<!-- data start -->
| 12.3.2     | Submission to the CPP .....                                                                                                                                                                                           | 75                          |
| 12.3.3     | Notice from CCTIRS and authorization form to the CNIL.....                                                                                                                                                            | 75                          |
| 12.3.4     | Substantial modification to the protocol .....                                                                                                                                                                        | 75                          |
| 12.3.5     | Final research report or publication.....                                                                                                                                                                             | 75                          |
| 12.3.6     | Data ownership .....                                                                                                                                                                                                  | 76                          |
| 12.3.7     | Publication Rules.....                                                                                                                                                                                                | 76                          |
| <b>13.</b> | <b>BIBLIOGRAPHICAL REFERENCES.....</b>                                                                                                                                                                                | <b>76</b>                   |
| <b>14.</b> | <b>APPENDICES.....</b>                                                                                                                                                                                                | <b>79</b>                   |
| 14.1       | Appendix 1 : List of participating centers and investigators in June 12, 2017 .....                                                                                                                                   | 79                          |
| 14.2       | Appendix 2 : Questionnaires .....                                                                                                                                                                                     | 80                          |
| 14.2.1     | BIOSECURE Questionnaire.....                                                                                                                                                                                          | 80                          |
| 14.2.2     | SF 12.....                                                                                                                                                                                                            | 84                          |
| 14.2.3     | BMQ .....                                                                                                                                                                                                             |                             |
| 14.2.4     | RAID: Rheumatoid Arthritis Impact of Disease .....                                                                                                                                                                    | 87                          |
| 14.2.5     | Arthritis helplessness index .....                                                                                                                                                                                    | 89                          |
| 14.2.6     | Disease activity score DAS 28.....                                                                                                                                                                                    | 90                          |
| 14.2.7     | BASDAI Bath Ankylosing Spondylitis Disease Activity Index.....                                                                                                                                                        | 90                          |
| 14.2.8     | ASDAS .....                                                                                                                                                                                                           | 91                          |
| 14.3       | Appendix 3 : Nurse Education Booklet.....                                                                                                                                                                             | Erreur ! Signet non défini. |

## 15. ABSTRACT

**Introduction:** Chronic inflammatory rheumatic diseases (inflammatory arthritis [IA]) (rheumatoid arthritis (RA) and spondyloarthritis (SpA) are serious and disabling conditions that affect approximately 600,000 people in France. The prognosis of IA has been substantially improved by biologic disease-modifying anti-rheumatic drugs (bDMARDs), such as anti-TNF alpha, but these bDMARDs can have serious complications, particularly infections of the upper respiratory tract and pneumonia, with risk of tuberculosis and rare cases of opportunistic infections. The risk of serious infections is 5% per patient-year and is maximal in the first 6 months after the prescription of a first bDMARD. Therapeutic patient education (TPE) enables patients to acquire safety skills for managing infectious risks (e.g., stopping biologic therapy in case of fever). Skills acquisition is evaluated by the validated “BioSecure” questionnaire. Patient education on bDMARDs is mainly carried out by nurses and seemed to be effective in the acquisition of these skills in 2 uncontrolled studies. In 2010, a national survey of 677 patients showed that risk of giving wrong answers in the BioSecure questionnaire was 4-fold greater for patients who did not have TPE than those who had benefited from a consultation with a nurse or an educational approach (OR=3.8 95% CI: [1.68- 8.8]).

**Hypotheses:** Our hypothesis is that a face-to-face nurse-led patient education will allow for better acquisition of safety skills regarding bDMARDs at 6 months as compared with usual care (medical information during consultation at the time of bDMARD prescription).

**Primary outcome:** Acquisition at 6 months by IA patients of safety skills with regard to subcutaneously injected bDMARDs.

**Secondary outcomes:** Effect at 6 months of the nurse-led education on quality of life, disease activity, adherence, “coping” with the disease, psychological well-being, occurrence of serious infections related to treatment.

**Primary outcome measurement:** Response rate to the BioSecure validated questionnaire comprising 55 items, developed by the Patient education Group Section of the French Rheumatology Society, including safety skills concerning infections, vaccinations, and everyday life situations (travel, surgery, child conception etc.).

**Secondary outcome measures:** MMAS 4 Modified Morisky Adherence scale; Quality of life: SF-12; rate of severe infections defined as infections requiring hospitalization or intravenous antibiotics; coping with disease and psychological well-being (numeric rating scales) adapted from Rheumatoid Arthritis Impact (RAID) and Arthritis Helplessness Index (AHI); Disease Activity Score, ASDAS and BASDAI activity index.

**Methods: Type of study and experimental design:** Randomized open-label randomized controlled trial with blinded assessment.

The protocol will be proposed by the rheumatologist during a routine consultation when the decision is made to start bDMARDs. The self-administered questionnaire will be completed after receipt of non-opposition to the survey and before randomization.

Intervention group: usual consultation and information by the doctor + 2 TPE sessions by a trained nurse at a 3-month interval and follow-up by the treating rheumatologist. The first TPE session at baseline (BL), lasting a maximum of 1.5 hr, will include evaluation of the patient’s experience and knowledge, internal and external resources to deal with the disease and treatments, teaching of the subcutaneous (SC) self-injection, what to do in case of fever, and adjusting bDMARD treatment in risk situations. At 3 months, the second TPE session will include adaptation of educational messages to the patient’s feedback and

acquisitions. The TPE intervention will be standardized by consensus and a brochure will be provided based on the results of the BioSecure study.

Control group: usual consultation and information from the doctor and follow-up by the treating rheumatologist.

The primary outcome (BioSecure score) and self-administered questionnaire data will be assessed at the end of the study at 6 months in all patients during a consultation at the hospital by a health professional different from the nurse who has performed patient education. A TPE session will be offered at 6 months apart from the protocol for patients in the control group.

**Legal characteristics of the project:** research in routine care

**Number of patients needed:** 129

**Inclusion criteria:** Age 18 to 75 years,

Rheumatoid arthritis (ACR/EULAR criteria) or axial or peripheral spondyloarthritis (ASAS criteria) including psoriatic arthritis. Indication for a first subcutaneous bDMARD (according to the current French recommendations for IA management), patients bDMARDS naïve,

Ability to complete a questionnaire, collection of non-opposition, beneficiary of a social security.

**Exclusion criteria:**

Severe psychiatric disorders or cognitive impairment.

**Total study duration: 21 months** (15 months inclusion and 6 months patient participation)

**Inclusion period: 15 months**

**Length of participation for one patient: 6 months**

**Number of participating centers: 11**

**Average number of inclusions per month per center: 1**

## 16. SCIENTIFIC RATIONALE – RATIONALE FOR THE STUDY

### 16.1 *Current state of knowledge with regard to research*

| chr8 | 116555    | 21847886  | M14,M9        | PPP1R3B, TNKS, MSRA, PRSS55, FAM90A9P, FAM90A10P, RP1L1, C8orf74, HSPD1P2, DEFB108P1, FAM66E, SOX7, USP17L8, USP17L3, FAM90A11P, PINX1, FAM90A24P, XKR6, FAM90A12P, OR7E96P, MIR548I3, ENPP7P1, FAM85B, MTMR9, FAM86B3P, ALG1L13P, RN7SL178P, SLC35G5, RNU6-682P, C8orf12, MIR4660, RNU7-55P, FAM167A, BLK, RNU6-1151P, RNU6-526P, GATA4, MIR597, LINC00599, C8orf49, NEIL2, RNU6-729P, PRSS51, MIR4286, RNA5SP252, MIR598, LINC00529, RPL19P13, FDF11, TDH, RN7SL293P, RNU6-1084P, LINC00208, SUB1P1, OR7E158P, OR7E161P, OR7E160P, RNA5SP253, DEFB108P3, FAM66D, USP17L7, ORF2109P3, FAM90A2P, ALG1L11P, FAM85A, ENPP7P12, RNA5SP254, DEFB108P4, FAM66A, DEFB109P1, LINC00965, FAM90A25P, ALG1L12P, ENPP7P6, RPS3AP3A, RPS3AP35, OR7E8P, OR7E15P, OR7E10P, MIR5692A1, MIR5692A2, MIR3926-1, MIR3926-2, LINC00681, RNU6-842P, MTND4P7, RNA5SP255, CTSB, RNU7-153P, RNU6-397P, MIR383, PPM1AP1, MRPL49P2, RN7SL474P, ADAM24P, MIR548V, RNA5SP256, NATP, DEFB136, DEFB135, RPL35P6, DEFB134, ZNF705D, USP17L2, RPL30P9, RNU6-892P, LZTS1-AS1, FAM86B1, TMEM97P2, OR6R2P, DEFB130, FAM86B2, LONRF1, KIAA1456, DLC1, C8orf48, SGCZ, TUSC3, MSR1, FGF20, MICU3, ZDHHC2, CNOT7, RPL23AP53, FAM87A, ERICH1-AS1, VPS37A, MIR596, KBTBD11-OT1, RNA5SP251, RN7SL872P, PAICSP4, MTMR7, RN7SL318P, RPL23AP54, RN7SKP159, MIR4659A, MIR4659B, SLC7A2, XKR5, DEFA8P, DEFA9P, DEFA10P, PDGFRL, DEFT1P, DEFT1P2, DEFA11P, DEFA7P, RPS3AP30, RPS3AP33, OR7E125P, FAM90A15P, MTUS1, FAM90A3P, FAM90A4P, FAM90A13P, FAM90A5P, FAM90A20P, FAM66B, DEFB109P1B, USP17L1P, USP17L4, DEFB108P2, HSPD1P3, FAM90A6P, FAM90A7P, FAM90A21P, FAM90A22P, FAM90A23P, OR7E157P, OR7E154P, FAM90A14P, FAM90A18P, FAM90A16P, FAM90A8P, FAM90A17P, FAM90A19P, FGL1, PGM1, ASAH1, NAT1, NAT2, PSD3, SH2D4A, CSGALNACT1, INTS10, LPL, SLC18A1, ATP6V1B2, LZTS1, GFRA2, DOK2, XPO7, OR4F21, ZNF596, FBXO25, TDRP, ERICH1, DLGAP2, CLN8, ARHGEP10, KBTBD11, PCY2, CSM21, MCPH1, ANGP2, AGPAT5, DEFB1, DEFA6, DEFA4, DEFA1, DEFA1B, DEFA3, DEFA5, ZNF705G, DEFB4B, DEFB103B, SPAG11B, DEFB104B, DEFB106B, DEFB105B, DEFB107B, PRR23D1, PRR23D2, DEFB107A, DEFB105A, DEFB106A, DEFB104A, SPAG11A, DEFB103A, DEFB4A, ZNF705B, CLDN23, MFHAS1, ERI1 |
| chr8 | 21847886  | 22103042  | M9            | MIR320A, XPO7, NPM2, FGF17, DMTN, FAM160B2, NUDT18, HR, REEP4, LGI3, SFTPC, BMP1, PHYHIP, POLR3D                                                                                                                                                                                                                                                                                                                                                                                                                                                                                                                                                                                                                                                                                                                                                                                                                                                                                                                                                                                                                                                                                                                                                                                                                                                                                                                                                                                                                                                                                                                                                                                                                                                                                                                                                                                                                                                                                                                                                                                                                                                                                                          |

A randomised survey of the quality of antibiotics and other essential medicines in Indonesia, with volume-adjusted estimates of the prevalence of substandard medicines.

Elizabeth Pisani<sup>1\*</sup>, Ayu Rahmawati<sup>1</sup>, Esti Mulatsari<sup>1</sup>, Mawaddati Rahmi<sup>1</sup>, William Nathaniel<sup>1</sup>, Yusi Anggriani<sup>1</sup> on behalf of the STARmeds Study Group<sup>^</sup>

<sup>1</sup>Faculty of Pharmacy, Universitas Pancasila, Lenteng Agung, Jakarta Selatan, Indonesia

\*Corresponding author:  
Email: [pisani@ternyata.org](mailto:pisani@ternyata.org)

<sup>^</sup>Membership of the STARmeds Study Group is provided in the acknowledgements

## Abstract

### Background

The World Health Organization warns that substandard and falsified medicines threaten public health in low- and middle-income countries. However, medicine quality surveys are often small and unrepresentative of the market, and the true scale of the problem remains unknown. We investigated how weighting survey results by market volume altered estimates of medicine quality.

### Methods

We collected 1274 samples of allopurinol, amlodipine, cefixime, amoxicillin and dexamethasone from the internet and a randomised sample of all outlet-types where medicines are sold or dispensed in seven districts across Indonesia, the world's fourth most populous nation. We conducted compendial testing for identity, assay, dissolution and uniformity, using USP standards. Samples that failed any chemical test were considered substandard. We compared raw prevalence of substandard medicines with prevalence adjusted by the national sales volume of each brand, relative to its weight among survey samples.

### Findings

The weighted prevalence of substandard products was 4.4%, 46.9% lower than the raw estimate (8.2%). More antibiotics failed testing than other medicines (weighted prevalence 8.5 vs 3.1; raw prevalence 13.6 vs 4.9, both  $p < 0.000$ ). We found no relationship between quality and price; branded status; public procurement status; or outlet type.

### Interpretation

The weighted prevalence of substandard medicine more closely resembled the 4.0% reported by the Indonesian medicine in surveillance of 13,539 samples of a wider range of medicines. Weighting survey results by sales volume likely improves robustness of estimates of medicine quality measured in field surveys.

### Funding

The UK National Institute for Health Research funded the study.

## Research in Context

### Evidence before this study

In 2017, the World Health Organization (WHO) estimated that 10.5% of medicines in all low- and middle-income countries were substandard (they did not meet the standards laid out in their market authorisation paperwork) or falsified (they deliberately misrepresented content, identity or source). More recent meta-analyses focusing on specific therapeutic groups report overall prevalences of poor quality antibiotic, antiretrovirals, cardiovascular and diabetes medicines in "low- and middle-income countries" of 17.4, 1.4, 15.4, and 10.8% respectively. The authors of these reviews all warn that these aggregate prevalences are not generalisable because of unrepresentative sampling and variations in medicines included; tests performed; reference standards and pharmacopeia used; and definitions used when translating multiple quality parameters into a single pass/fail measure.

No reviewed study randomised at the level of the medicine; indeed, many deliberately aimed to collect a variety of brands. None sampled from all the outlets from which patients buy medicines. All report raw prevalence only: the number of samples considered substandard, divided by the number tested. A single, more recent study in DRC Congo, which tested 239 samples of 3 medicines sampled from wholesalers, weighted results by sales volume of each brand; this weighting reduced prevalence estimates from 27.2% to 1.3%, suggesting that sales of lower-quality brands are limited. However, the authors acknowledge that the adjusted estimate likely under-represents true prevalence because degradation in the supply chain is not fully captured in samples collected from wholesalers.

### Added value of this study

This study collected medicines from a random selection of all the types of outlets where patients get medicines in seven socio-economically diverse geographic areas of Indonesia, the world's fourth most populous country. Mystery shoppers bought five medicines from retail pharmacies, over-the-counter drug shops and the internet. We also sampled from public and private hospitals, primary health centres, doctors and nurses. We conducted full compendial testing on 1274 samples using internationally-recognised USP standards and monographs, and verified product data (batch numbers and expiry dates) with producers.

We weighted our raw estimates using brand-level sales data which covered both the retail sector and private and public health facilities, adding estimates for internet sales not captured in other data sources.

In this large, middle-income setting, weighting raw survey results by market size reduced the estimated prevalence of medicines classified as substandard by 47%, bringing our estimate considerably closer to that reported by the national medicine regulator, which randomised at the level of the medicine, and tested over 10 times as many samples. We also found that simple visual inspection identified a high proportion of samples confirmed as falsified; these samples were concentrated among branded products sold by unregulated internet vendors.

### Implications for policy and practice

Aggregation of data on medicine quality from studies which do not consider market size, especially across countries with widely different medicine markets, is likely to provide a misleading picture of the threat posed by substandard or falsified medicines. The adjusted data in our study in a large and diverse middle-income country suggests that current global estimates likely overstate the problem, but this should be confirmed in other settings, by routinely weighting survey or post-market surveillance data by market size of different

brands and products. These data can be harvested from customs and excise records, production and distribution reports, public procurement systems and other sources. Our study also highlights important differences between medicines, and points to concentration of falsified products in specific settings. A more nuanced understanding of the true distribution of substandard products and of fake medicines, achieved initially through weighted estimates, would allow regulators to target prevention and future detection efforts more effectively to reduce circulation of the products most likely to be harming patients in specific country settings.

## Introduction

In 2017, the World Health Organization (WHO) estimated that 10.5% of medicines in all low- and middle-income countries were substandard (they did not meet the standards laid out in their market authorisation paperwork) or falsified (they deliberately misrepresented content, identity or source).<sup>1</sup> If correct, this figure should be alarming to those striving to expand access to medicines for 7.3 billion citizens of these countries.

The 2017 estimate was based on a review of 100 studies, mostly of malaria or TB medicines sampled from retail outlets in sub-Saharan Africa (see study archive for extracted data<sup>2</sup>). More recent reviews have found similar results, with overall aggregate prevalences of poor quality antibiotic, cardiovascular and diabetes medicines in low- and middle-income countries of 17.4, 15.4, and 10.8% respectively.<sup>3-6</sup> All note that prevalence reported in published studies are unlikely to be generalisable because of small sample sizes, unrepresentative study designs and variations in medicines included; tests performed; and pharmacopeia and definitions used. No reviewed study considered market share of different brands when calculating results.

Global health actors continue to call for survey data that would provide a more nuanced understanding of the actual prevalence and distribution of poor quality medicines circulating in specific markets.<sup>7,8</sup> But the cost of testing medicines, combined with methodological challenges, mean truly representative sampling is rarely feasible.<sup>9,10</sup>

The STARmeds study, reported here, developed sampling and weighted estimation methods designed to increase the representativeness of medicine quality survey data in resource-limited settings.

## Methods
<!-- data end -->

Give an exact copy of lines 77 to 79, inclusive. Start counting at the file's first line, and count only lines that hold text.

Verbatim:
## Introduction

In 2017, the World Health Organization (WHO) estimated that 10.5% of medicines in all low- and middle-income countries were substandard (they did not meet the standards laid out in their market authorisation paperwork) or falsified (they deliberately misrepresented content, identity or source).<sup>1</sup> If correct, this figure should be alarming to those striving to expand access to medicines for 7.3 billion citizens of these countries.

The 2017 estimate was based on a review of 100 studies, mostly of malaria or TB medicines sampled from retail outlets in sub-Saharan Africa (see study archive for extracted data<sup>2</sup>). More recent reviews have found similar results, with overall aggregate prevalences of poor quality antibiotic, cardiovascular and diabetes medicines in low- and middle-income countries of 17.4, 15.4, and 10.8% respectively.<sup>3-6</sup> All note that prevalence reported in published studies are unlikely to be generalisable because of small sample sizes, unrepresentative study designs and variations in medicines included; tests performed; and pharmacopeia and definitions used. No reviewed study considered market share of different brands when calculating results.